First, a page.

Smithers Rapra suggests that with less availability, plants will be operating at higher utilisation rates, achieving scales of economy and realising more profitable operations.
Another factor, though, is the role played by the new and existing entrants into the European carbon black market.
Russian and Chinese imports have been present in Europe for the past few years while Indian and Saudi producers are now stepping up their efforts.
Yaroslavl and Omsk, the biggest Russian players, have a number of competitive advantages over their European counterparts.
According to von Wolfersdorff, “the size of their manufacturing lines helps with economies-of-scale, while the access to low-cost feedstock helps with producing at low cost.”
“Shipping costs”, he said, “are a key factor but even then, these can be overcome with distribution- and decanting-stations and by bringing production further towards the West as Omsk Carbon is doing with their Mogilev site in Belarus.”
“We are talking about a price difference of several hundred Euros between Russian carbon black and comparable tier 1 products from Cabot, Birla and Orion,” continued von Wolfersdorff.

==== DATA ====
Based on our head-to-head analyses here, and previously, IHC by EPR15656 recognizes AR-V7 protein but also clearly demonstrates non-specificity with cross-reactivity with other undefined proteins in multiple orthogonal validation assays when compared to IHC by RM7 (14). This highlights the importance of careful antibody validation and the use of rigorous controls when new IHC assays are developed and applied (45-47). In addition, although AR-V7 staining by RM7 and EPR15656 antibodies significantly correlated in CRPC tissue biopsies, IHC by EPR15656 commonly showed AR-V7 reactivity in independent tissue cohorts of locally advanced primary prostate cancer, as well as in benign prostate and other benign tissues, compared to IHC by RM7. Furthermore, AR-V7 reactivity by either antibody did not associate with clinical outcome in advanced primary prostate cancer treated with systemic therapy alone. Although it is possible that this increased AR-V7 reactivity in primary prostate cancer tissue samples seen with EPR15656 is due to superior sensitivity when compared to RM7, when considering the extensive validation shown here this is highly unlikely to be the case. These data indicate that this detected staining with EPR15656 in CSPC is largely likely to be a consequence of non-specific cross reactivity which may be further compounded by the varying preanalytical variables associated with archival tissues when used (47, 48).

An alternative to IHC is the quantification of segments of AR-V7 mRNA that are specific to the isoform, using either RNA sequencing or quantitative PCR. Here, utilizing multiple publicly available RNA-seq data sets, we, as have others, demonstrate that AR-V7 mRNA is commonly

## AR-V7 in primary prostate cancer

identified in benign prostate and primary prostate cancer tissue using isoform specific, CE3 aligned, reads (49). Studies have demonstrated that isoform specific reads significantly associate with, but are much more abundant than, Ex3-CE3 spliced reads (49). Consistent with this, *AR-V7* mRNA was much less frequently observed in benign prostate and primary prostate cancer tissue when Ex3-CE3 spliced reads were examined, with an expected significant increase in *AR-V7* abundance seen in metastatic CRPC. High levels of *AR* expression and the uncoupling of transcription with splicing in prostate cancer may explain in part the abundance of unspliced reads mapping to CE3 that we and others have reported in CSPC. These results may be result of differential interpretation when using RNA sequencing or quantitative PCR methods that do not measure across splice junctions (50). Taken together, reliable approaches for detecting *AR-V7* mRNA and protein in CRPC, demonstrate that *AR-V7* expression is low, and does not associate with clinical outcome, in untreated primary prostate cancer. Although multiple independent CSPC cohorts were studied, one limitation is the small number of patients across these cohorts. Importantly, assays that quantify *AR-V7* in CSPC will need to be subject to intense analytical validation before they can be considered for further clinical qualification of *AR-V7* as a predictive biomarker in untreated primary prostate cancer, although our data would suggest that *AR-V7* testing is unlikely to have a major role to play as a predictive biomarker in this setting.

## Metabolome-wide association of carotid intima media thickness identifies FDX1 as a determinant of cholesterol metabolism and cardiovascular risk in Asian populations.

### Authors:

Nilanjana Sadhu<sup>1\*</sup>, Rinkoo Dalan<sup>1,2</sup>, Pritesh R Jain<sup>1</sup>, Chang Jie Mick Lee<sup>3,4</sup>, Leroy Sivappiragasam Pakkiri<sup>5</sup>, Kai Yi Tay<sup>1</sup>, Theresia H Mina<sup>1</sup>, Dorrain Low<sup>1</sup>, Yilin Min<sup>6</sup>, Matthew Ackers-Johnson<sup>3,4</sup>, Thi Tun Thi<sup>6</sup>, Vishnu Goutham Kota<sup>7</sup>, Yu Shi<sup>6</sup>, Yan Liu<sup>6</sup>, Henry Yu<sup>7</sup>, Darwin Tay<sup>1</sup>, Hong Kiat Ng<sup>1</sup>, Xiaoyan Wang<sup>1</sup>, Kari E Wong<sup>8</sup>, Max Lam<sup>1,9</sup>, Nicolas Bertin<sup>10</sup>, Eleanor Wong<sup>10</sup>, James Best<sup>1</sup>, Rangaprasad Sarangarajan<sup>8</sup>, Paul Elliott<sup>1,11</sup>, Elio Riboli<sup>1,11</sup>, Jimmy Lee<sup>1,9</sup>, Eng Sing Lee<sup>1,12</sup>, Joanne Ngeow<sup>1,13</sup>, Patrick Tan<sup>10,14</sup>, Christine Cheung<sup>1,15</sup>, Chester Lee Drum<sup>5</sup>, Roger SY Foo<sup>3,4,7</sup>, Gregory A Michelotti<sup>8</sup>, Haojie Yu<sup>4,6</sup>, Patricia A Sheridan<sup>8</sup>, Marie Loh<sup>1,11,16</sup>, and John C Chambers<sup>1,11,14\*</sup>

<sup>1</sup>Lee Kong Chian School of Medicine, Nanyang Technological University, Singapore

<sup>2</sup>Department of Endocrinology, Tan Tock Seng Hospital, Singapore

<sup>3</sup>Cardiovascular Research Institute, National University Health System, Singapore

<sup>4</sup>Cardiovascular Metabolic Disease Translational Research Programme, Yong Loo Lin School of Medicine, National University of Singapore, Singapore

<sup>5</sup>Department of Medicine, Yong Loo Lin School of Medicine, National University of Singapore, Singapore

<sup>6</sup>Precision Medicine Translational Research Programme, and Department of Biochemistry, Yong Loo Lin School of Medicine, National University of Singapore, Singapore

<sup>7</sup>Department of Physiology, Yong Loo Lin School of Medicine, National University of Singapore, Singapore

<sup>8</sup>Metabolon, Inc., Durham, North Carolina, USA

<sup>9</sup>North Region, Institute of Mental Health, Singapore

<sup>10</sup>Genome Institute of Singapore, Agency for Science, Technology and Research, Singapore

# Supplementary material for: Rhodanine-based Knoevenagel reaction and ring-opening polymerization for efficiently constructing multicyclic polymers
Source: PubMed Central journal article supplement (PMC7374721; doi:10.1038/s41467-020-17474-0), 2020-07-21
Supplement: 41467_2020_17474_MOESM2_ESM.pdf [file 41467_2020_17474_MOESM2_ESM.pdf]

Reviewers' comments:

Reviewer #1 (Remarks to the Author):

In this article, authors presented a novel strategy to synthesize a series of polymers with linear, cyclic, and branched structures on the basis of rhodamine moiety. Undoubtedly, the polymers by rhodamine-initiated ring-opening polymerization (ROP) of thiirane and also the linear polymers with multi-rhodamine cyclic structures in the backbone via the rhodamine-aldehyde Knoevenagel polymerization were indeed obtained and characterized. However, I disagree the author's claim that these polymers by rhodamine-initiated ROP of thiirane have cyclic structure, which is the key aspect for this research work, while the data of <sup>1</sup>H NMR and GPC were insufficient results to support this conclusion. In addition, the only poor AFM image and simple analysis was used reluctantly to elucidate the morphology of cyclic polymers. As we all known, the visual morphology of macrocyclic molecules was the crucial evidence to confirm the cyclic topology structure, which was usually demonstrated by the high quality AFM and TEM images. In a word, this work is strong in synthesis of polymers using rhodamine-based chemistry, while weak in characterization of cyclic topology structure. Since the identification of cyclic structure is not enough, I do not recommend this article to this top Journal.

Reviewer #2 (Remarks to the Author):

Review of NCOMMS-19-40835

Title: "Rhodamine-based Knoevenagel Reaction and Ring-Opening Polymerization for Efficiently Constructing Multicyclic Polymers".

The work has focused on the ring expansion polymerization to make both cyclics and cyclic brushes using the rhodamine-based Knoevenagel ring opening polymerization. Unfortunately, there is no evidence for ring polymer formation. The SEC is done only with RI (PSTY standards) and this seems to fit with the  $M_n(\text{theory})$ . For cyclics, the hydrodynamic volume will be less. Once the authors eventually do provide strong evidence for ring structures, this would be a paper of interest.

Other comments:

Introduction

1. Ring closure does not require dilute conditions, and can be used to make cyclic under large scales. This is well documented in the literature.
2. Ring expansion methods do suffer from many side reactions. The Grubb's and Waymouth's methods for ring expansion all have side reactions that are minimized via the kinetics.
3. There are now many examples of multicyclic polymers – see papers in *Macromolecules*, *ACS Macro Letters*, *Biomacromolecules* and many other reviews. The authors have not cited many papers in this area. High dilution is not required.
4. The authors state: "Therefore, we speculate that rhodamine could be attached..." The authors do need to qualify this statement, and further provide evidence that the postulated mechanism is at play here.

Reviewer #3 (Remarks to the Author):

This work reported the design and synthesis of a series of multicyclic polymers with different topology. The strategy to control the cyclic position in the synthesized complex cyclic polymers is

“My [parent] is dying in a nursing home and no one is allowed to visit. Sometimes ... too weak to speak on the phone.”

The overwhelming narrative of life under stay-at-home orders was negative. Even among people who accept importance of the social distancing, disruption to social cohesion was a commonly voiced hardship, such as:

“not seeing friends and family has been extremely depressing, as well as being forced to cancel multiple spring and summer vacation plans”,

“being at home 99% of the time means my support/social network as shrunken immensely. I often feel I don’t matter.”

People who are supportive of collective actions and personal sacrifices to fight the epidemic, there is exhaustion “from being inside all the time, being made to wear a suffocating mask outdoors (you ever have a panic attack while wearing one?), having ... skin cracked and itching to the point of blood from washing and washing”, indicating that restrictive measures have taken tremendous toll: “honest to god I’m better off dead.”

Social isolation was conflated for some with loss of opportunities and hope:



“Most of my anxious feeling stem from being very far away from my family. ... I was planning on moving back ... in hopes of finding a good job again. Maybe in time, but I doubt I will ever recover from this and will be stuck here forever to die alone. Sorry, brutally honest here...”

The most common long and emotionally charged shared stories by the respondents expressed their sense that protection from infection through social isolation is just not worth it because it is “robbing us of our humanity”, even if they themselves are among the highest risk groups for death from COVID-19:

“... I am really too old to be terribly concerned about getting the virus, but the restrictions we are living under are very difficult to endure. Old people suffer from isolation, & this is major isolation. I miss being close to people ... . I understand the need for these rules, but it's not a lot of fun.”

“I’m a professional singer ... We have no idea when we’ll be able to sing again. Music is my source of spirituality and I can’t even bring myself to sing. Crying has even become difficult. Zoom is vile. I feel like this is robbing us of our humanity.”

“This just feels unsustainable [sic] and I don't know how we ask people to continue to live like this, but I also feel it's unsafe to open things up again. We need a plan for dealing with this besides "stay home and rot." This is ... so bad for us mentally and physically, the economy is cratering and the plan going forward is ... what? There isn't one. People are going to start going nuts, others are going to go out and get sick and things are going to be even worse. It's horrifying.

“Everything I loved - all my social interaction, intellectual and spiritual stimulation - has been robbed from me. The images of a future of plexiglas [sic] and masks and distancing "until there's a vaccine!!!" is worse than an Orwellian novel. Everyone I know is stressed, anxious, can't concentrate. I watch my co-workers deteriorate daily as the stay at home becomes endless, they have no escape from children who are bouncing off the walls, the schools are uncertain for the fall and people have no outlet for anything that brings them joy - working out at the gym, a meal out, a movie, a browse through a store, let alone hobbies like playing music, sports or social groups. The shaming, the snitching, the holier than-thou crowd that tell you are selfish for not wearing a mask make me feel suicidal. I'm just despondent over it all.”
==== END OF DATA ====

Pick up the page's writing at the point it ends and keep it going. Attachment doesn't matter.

Meanwhile, new production of carbon black is coming into Europe from Saudi Arabia. Kemya, a joint venture between Sabic and ExxonMobil, and licensed by Continental Carbon Co. started up its 50 kilotonnes-per-annum carbon black plant in Al-Jubail, Saudi Arabia in March.
The plant output, which will go mainly to the tire industry, is to be commercialised by Continental Carbon Europe, under the Continex tradename, mainly in Europe and the Middle East.
All these developments will keep the European market for carbon black in a state of uncertainty this year, and any further movement in oil feedstock prices will add to the complexity.